Starbucks Gets Operatic Extolling Its Elevated Customer Experience
Under new CEO Kevin Johnson, Starbucks is simply augmenting its approach under founder, former CEO and still-Chairman Howard Schultz: Try to be all things to all people, to the extent possible, as embodied in the experience of ordering and enjoying a cup of coffee.
In a rare experience at its annual meeting in Seattle this week, Starbucks produced a grand finale starring opera singers from La Scala for more than 3,000 shareholders, analysts and guests. Opera singers Jaeheui Kwon, a tenor, and Chiara Isotton, a soprano—along with pianist Jieun Jeong—traveled to the annual meeting from La Scala Academy, in Milan, Italy, one of the world’s premier performing arts schools. The performance, Schultz said, was chosen in “homage and deep respect to the Italian people … in anticipation of the opening of our roastery (in Milan).”
New Roasteries featuring Princi baked goods, such as the flagship that opened in Shanghai in December, are key to Starbucks growth. Three more are in the pipeline: one in New York, next to the Apple store in the Meatpacking District and near Google headquarters in Chelsea, will open in the 4th quarter of this year; Tokyo will be home to one next year; and Chicago will also get a Roastery in 2019, with four floors and an escalator that Schultz called “the sexiest thing you have ever seen.”
Among other upcoming changes, the company said that it will:
• expand its in-store Princi bakery line
• set new standards for global pay equity
• hire more young people and veterans
• extend its educational partnership with Arizona State University
• introduce a coffee-traceability supply chain pilot program to benefit coffee farmers
• launch a pilot program to connect more than 10,000 mentors with youths in the U.S.
In tandem, Starbucks is focusing on opportunities to drive growth:
• Expanding its mobile ordering app beyond its loyal customers and making it available to all
• Opening more than 5,000 stores in China by 2021
• Expanding activations around its Starbucks Reserve high-end brand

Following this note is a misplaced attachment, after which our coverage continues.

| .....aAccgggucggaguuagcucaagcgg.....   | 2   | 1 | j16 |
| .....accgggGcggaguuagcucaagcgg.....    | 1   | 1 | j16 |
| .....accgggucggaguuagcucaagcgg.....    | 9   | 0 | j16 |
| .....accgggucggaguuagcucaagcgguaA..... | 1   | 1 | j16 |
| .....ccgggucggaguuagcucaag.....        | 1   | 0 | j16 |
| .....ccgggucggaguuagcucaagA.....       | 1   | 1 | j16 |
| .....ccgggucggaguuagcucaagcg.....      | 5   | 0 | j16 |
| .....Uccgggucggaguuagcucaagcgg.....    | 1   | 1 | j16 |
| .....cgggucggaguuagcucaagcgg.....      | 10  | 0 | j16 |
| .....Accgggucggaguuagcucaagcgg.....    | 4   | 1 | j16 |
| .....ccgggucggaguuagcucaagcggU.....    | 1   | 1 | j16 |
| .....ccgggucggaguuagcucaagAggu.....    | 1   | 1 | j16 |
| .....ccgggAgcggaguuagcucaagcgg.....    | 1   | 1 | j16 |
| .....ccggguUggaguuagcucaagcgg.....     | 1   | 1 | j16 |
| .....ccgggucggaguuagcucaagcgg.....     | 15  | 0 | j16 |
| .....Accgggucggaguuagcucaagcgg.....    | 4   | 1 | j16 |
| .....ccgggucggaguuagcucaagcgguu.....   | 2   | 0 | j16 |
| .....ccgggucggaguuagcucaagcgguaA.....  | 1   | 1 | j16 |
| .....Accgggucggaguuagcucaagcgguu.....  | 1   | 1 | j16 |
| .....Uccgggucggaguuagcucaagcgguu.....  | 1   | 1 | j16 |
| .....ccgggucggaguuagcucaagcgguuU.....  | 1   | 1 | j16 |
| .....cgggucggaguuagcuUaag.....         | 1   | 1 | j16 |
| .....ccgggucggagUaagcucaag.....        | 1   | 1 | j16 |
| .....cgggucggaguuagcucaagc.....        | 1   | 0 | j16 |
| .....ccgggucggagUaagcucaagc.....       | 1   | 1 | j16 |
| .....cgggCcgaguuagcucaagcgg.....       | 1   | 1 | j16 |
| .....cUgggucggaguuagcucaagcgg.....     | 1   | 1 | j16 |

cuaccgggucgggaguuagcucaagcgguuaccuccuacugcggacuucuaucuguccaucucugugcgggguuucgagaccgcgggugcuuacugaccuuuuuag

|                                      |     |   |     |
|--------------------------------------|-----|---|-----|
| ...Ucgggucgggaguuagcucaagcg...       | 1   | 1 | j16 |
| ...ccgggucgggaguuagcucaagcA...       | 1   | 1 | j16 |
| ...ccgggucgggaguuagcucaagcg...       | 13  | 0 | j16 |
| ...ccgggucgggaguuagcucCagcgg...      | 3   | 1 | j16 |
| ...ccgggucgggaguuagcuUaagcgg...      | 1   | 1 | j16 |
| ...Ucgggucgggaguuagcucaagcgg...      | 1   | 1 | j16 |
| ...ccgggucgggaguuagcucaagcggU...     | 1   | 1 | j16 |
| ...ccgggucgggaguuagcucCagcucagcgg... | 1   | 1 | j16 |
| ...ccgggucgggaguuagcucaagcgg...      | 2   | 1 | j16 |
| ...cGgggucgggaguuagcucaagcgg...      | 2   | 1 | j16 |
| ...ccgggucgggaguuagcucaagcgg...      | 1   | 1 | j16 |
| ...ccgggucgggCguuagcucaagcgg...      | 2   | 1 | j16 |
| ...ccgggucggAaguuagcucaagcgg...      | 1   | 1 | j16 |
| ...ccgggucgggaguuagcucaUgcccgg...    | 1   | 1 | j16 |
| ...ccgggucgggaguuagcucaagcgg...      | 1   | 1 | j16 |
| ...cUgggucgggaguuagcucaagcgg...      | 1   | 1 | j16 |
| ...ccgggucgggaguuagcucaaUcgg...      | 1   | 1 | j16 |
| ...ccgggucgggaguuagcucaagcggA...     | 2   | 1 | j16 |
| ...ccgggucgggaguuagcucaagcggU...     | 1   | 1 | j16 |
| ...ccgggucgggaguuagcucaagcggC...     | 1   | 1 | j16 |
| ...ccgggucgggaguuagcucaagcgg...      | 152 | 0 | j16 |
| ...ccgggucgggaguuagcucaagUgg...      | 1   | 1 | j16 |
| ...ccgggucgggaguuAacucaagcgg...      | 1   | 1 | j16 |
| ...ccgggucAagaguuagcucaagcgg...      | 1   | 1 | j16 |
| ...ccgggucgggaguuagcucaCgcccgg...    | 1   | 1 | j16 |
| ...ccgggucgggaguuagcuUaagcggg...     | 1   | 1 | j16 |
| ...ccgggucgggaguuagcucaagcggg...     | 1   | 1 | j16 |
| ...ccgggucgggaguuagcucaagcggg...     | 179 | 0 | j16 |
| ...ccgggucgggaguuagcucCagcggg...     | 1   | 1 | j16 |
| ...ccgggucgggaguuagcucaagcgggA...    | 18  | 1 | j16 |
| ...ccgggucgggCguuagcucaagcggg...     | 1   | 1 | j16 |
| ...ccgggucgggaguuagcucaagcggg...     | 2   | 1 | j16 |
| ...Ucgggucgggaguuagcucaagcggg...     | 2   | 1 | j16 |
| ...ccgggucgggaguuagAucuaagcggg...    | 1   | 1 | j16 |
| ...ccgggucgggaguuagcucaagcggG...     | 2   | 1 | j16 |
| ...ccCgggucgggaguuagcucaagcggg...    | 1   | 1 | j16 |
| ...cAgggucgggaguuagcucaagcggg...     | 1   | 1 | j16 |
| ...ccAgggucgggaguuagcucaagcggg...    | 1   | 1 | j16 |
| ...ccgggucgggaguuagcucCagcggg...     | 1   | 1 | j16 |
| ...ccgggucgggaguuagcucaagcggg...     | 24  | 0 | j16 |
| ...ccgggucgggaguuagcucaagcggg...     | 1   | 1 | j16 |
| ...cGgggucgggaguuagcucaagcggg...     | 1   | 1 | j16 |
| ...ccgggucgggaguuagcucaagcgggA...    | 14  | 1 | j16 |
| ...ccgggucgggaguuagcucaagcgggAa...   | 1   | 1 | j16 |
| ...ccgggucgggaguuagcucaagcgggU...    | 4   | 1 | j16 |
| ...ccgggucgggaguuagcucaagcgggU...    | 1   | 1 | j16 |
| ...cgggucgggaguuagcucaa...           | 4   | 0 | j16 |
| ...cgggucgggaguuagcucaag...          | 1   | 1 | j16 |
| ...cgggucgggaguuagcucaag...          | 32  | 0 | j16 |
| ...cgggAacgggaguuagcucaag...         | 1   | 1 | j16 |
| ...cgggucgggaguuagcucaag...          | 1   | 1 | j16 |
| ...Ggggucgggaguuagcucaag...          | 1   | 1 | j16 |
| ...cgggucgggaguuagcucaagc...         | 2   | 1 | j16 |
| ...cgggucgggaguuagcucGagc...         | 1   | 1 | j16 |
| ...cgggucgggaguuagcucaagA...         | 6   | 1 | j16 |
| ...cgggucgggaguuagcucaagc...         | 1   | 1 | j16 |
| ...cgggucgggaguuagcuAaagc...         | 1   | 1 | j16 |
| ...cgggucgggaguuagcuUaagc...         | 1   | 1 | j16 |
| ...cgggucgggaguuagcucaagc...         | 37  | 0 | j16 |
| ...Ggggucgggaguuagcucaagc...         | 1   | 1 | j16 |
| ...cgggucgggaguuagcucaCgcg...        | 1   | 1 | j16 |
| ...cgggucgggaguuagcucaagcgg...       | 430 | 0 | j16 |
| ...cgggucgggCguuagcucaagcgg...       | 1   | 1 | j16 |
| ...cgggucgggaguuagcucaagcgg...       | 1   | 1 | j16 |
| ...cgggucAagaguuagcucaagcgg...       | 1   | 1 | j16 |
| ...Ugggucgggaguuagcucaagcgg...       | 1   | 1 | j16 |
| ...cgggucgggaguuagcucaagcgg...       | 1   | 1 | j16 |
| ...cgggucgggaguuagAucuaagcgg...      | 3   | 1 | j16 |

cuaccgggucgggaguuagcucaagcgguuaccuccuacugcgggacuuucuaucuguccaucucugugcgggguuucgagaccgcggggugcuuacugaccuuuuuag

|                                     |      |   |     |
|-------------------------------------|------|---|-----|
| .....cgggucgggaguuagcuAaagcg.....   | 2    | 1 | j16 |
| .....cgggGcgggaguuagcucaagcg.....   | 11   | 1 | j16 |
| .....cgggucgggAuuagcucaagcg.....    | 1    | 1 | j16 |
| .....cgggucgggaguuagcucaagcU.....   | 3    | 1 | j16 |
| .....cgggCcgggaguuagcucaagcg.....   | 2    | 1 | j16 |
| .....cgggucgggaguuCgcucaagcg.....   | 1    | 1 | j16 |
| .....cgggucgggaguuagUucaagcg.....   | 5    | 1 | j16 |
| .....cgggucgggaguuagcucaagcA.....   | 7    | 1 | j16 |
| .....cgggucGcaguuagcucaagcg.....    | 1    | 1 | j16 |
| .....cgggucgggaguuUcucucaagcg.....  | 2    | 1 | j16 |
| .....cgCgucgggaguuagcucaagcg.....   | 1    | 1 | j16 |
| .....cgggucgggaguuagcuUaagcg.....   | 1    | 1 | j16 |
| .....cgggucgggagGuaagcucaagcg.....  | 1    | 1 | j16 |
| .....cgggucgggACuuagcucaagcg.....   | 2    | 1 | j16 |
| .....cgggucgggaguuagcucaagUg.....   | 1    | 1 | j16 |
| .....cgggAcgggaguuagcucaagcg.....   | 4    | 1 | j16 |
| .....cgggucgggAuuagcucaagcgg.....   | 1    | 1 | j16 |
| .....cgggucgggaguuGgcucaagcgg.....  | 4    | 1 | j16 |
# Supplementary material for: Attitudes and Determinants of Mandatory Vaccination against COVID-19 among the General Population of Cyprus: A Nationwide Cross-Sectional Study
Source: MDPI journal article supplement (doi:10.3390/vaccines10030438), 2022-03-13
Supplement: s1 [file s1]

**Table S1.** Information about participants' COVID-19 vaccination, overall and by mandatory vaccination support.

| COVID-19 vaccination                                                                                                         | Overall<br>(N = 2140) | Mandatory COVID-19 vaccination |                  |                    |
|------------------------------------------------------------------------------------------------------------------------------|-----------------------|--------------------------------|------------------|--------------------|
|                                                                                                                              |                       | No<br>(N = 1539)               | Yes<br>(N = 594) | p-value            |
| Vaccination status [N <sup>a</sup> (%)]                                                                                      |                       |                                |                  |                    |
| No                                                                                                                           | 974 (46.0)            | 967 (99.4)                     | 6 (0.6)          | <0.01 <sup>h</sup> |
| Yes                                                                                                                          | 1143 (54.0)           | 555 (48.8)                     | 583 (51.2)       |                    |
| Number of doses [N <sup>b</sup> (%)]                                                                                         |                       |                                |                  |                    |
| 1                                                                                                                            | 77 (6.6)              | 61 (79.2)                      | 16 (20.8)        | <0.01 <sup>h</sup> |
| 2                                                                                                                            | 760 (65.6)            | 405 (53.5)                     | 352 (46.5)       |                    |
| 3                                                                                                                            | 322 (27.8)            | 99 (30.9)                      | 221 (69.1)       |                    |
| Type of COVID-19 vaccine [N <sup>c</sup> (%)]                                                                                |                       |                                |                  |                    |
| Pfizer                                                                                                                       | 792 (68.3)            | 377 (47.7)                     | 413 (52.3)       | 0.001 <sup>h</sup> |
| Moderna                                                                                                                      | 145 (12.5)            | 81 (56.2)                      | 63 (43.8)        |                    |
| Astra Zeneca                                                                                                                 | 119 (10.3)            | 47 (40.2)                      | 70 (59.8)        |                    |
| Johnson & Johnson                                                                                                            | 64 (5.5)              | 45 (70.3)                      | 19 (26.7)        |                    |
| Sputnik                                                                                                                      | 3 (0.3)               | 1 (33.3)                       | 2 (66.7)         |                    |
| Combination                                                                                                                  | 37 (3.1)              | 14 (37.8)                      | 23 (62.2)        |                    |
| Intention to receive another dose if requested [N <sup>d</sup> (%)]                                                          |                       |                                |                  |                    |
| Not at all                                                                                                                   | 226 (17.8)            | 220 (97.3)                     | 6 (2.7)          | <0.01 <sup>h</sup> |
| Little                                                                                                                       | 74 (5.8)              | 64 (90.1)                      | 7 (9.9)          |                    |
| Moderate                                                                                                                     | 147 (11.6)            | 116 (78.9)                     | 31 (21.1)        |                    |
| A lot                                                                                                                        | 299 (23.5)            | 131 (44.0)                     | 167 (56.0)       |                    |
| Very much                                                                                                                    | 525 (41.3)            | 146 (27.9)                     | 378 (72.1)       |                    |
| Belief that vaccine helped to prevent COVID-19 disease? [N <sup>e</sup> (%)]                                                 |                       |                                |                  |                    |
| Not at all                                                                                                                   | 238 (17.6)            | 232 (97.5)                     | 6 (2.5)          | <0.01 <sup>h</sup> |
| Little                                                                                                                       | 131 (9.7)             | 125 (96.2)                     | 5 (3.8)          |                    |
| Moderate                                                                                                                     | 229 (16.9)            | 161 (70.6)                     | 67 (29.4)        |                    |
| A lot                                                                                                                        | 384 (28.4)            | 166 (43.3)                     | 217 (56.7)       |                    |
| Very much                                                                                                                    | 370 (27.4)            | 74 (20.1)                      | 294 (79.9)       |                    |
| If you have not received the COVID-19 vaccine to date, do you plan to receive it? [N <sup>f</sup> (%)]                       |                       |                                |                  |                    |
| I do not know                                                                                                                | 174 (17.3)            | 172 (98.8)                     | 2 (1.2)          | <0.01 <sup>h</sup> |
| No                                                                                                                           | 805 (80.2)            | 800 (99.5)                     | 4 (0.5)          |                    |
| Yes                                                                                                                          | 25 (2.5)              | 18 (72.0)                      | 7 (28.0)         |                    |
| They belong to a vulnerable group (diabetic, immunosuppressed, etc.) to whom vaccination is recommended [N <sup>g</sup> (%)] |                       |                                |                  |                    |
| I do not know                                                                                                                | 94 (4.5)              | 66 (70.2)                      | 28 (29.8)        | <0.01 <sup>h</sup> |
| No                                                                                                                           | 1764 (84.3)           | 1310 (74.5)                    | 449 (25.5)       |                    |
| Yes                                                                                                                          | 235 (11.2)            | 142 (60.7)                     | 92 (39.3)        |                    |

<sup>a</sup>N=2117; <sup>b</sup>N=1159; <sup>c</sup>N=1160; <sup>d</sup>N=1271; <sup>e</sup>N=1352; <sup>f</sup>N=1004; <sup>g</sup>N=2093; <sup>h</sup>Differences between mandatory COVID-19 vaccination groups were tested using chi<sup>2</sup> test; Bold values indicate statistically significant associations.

• Launching its first Princi location in the US, inside the pilot Roastery location in Seattle
• Opening dozens more Starbucks Reserve bar locations around the world. The company calls Reserve its “innovation lab for the future.”
“No retailer is better positioned to meet the changing needs of today’s consumer, as expectations of convenience and community redefine what it takes to be a successful and relevant brand,” Johnson stated in presiding over his first annual meeting, after Schultz moved on from the CEO job last year.
“The story of our growth over the past five years is grounded in key innovation investments we have been making for our future, and this continued focus will ensure we build upon our leadership position in this rapidly changing retail environment.”
Starbucks in January reported just a 2% rise in same store sales in the US and globally, flagging a need to be more strategic about growth opportunities. Mobile is key as it leverages its app to better target loyal and (and convert occasional to avid and loyal customers), especially as Starbucks adds more items like its hit Blonde Espresso Roast and cold brews.
In-store lead generation is one idea, requiring customers who use its in-store Wi-Fi to enter their e-mail addresses in the first store where they get connected, according to the Wall Street Journal. “Thereafter the company’s software would remember their device and connect automatically. That would give Starbucks new e-mail addresses for non-rewards members that Starbucks could target.”
The loyalty and dedication of its employees in China is why the market “is the fastest-growing and most strategic international market for Starbucks,” Starbucks China CEO Belinda Wong said.
The company now has 3,200 stores across 139 cities in China and is serving 6.4 million customers a week, she said. Now there’s a goal of 5,000 stores by 2021.
“We are opening a new store every 15 hours,” she said.
The growth opportunity is rich. By 2022, 600 million people are expected to reach middle class status in China. And by 2030, China is expected to have the world’s largest economy.
As ever committed to cause marketing, Starbucks executives were especially proud of their progress on equal pay, under which it has reached 100% equity for partners (its name for sales associates, baristas and all employees) of “all genders and races performing similar work across the United States,” the company said.
“Roughly 10 years ago we began serious work to ensure women and men—of all ethnicities and race—are compensated fairly at Starbucks,” said Lucy Helm, chief partner officer. “This accomplishment is the result of years of work and commitment.”
This article first appeared in www.brandchannel.com
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